The Tradition of Clerical Dress

Photo: OC-Travel
In many ways the priest shares himself with aesthetic elements that frame and support the liturgical arts. This includes inside and outside the physical church property. Part of this extension of his ministry is done through his ordinary dress and appearance.  Classical templates of the priesthood affirm what is sempiternal in the midst of change and they inspire us to greater spiritual heights.

I have said for years clerical dress is the column, colonnade and steps.  In other words, it is the first element in sacred architecture.  The priest has a very important posture that is inseparable from his visible role.  His appearance is a preliminary or preparatory statement, an introduction to the temple.

The priest, even before he enters the church, is the upright column and support.  He is the colonnade in so far as he provides a visible precinct of the temple, a preamble and boundary between inner and outer.  He is the stone staircase because objects stand as people do. By his dress and composure the anointed Levite has a proportion of permanence in his priesthood, showing us that divine worship is removed from the world of decay and transformation while raising us up to loftier thoughts and spiritual aspirations.

The presbyter comes to work prepared and tells us so by his dress.  He leads, inspires and directs the public prayer of the Church.  He is called to the inheritance of the Lord.  He should attempt to manifest interior holiness by the decency of his external dress, and thus be distinguished from all others.  Clerical attire is in keeping with the dignity and eloquence of the office.  A living symbol of life become divine.

In Church history there were times when a priest not wearing his clerical dress entailed the forefiture of all emoluments (payment of salary). The Council of Trent enumerated penalties that bishops should inflict upon those clerics who do not wear a becoming ecclesiastical dress: "A penalty is decreed against clerics, who, being in sacred Orders, or holding benefices, do not wear a dress becoming their Order" (Sess. XIV, Chap. VI, De Reform). In the 1917 Code of Canon Law, the ordinary dress of clerics is mentioned in seventeen places (without saying what it should be).  The Code, following the example of the Council of Trent, leaves this matter to the discretion of the local ordinaries.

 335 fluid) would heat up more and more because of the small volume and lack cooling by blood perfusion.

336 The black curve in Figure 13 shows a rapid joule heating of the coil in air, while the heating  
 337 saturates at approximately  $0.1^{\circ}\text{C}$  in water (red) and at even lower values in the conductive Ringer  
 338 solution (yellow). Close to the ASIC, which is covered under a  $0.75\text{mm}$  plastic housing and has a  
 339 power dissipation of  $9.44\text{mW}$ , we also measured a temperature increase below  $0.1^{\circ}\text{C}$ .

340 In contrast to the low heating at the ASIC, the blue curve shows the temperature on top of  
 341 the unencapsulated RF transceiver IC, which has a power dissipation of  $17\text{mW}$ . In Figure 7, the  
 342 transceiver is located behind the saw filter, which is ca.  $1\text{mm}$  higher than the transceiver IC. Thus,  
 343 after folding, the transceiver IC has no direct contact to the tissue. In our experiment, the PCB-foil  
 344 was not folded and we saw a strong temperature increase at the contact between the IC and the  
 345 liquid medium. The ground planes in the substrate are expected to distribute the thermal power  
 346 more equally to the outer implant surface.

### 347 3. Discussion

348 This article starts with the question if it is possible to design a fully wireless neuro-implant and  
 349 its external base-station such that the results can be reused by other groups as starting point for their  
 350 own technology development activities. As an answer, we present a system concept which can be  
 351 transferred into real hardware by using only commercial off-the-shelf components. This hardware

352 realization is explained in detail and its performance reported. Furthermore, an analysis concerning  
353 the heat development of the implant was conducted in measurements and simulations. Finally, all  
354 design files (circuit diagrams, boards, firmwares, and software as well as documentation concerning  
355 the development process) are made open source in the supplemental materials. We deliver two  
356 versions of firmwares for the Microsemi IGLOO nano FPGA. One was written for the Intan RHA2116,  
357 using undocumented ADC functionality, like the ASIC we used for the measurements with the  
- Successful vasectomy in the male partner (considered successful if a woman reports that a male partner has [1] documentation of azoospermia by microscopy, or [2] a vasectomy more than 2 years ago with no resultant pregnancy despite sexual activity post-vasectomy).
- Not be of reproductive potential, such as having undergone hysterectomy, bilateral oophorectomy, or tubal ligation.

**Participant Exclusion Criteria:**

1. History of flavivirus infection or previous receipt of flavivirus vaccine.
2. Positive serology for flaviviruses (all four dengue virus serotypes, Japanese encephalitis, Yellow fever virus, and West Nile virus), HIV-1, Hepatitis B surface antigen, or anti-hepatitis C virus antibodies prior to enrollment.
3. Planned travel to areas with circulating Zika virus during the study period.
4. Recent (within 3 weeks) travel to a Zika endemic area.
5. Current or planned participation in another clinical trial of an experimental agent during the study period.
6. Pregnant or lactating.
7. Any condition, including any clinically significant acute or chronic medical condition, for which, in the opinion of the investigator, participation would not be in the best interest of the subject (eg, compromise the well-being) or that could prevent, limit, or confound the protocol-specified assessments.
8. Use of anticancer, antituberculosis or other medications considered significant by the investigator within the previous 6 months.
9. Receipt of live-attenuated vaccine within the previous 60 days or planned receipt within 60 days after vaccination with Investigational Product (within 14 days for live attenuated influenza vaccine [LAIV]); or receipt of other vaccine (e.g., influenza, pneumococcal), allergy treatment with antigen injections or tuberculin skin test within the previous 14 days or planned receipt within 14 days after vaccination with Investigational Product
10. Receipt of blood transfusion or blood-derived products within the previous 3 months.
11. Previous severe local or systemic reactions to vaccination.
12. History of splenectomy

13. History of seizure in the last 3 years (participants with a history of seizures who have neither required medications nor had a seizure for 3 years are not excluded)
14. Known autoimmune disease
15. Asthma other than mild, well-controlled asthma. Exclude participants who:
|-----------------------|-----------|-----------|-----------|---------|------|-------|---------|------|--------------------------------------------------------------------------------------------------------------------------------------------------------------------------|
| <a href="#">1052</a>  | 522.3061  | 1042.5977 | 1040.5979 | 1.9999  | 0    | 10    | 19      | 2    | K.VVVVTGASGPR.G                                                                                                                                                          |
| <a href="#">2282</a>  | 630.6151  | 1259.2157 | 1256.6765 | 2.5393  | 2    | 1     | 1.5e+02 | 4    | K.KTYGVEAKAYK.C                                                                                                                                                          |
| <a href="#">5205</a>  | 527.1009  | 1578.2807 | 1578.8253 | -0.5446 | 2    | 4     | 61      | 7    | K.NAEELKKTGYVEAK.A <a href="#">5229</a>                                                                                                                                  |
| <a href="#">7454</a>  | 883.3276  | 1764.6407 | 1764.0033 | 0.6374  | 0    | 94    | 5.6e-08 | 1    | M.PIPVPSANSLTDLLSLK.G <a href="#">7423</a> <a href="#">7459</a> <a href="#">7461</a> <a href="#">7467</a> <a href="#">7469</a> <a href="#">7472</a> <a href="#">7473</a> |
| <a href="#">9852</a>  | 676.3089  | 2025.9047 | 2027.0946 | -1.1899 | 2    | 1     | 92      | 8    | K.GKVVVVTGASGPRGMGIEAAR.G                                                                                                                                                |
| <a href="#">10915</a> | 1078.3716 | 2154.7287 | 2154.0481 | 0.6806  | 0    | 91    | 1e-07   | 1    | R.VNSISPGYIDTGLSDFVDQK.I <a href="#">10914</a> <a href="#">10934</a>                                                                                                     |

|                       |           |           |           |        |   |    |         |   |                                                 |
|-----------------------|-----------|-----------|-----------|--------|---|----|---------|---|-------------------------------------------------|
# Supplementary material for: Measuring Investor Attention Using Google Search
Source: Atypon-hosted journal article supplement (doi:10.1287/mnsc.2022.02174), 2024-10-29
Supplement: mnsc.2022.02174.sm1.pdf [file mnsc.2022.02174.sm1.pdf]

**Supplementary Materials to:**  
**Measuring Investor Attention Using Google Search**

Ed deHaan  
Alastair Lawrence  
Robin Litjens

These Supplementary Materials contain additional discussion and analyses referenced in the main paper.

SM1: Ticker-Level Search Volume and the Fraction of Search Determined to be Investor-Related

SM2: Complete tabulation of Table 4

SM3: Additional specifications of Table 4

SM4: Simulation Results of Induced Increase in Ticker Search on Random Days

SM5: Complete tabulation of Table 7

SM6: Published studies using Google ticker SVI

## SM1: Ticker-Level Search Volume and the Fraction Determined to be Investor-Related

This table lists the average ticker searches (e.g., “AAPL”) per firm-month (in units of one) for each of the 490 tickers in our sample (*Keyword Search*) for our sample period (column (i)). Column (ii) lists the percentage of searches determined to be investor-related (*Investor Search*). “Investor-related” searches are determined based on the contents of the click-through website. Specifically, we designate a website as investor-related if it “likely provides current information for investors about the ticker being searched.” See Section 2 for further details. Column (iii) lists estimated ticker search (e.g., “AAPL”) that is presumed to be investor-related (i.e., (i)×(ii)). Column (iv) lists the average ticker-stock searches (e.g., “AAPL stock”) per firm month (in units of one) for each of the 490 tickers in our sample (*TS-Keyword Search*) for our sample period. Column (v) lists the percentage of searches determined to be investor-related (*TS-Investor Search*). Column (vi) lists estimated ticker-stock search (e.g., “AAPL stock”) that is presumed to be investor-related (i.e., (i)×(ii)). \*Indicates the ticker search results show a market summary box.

There are exceptions.  Naturally, a cleric who is engaged in legitimate recreation, e.g., a game of golf, may wear the proper attire as this does not violate the precepts of clerical dress, provided after the recreation he assumes his clerical garb.  Clerics who are chaplains in the armed forces of a country wear the prescribed dress of officers of their rank.  Priests on vacation still ordinarily wear the dress proper to the clergy.

For Americans, the Third Plenary Council of Baltimore promulgated what the clerical dress was to be for clergy in the USA:
"We wish therefore and prescribe, that all observe the law of the Church, and that at home or in the church they shall always wear the cassock, which is proper to the clergy.  When they go out for duty or relaxation or on a journey, they may use a shorter dress [the business suite with clerical vest and collar], which is to be black in color, and which reaches to the knees, so as to distinguish it from the dress of the laity.  We enjoin upon our priests as a matter of strict precept, both at home and abroad, and whether they are residing in their own diocese or outside of it, they shall wear the Roman collar" (cf. Conc. Balt., III, No. 77).

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